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What to expect during discovery

ksd. blog | What to expect during discovery
New client engagements begin with a conversation in order to understand what’s happening, see if we can work together, and discern whether we can help. If we feel that we can, we’ll ask for some reading materials about your product and organization, along with a run-through of your technology.

By we, I mean me. Kitty, Founder and Chief UX-er/consultant person, here.

No one has ever admitted it, but I always sensed that our clients either dreaded our discovery process or were completely annoyed by it.

I get it. It feels daunting. You have no idea what you’re getting into or how long it’ll take. Things might not work out. And your struggles will be put under a magnifying glass. There’s no getting around that.

For the record, discovery lasts about a month or two. (It can take less time, but with everyone’s schedules…) I only agree to discovery if I’m 75% certain that it will work out. And I need to hear about your pain points, but I will never use that information against you.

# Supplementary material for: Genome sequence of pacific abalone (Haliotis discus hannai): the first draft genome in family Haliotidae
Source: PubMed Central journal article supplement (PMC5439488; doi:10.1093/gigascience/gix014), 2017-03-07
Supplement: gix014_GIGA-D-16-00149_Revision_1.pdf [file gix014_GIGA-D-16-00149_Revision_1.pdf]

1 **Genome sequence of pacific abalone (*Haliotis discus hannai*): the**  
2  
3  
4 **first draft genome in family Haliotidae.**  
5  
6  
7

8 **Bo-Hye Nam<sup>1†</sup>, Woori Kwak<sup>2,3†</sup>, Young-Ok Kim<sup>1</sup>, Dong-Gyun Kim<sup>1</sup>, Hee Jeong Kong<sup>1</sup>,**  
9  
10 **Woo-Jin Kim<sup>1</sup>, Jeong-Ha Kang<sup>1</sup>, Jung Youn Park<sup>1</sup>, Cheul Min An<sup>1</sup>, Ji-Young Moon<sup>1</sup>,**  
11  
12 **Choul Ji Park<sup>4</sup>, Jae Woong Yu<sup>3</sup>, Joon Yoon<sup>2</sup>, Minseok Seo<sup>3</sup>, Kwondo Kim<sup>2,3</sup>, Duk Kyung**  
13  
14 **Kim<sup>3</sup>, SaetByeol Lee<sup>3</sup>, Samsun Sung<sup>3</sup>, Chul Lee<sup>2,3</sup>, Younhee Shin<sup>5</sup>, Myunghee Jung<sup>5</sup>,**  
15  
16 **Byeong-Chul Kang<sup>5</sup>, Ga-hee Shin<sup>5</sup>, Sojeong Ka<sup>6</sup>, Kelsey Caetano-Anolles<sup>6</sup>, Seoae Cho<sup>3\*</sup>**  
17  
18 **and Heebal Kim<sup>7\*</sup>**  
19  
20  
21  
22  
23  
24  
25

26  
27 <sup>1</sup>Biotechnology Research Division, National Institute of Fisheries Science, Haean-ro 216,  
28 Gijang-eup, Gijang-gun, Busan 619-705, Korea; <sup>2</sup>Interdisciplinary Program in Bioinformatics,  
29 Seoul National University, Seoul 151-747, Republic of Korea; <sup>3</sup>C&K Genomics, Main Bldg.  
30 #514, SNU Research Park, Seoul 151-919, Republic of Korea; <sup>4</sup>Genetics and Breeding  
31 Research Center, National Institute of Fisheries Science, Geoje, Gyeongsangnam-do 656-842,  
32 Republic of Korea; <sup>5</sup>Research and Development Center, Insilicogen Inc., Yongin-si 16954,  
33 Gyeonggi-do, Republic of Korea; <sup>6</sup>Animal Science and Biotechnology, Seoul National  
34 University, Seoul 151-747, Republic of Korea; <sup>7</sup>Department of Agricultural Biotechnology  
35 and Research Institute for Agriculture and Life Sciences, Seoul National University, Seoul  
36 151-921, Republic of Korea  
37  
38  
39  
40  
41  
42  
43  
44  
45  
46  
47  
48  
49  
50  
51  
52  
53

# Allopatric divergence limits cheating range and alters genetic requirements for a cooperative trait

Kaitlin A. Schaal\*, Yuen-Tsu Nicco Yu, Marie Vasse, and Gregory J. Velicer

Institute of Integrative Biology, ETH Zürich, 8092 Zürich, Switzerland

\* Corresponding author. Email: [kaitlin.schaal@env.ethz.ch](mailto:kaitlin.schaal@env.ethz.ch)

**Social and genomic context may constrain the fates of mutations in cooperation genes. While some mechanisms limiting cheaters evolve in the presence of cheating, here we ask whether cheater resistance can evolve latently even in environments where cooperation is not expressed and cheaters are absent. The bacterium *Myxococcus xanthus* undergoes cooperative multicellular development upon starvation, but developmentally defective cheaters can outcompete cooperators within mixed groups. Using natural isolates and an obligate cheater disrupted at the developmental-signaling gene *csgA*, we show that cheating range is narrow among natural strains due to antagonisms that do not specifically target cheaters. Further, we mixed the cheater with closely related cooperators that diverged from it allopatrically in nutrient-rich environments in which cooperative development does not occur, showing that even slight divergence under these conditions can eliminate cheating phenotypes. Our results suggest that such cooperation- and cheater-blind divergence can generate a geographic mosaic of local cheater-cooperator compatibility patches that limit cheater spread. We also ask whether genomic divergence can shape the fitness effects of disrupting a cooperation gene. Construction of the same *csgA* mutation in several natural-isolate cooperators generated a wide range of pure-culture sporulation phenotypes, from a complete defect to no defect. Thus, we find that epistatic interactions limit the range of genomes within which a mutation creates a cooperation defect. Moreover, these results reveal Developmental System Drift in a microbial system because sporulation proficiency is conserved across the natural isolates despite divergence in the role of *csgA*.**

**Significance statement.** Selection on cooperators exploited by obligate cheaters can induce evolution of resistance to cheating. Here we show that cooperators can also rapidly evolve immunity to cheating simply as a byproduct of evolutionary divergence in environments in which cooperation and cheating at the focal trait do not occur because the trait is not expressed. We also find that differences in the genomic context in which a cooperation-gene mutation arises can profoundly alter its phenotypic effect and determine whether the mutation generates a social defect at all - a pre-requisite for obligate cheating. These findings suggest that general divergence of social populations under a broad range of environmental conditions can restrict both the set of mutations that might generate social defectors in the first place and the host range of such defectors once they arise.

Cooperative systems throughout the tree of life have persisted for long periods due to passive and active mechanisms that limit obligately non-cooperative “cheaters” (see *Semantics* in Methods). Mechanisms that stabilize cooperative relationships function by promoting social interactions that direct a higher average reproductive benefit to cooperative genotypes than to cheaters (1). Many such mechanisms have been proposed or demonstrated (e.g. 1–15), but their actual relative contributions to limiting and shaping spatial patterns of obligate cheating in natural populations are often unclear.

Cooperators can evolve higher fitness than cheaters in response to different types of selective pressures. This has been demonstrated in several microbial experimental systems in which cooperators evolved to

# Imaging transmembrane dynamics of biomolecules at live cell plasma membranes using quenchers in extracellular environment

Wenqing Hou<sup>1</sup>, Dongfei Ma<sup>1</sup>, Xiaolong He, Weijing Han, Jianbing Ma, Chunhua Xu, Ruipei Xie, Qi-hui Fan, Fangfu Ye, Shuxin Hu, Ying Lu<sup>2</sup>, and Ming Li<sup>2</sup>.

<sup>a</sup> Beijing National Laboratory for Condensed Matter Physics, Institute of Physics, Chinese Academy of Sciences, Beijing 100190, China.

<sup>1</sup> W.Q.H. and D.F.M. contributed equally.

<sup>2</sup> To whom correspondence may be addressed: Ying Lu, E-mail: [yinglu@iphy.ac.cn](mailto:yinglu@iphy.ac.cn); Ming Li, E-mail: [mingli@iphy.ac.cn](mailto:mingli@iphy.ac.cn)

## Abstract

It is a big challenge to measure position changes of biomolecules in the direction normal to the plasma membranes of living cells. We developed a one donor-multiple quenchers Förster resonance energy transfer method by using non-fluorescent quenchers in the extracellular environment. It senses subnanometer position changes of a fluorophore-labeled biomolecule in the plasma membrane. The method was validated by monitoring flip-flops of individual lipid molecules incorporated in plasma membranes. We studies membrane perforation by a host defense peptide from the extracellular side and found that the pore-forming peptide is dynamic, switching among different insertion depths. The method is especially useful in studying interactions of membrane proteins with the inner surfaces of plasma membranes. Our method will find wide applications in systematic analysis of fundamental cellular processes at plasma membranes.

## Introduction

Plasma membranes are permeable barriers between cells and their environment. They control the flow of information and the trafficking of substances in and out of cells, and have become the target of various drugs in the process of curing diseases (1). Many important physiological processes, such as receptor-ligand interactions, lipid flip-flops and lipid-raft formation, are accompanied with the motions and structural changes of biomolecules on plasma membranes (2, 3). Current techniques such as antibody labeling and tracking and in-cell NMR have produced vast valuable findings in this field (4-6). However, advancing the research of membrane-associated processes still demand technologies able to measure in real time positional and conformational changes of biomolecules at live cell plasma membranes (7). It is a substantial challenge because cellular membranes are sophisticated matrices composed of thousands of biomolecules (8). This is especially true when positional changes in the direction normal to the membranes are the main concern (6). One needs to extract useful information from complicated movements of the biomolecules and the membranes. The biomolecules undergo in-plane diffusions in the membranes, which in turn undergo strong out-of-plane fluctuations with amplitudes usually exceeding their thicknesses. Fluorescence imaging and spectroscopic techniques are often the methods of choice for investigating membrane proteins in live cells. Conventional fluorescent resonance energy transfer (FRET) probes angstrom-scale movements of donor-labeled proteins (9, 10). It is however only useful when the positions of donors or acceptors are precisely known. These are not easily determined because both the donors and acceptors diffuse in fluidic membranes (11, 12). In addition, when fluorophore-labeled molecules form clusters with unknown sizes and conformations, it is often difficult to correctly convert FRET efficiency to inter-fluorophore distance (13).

Sound fair so far?

Cool. Here are three more things you can expect during discovery:

  1. Conversations to make sure we’re on the same page with respect to timing, roles, responsibilities, deliverables, requirements, budget and billing.
  2. Conservations to resolve any barriers to entry with respect to timing, roles, responsibilities, deliverables, requirements, budget and billing.
  3. Conversations to work out any kinks with respect to timing, roles, responsibilities, deliverables, requirements, budget and billing.

They can happen in-person, via video, over the phone, or any combination thereof. We might be able to handle it all in a meeting or two, but it’s more like 3-5.

Still feels daunting, I know. But as you can see, it’s worth it.

Now you know what to expect during discovery. With us at least ;)

Until next time,
K

image: Public Domain CC0 1.0

#bookmarked: The Way to Design

ksd. blog | #bookmarked: The Way to Design

“The 21st century will be the designer’s century, because the most interesting innovation is happening at the top of the stack—at the interface with end users—where technology meets design, and where a swipe right or a hold might decide the next breakout business. This book is for entrepreneurial designers who want to know what it takes to start a company, and for non-designer entrepreneurs and executives who want to understand how to make design a core value of their business.”

The Way to Design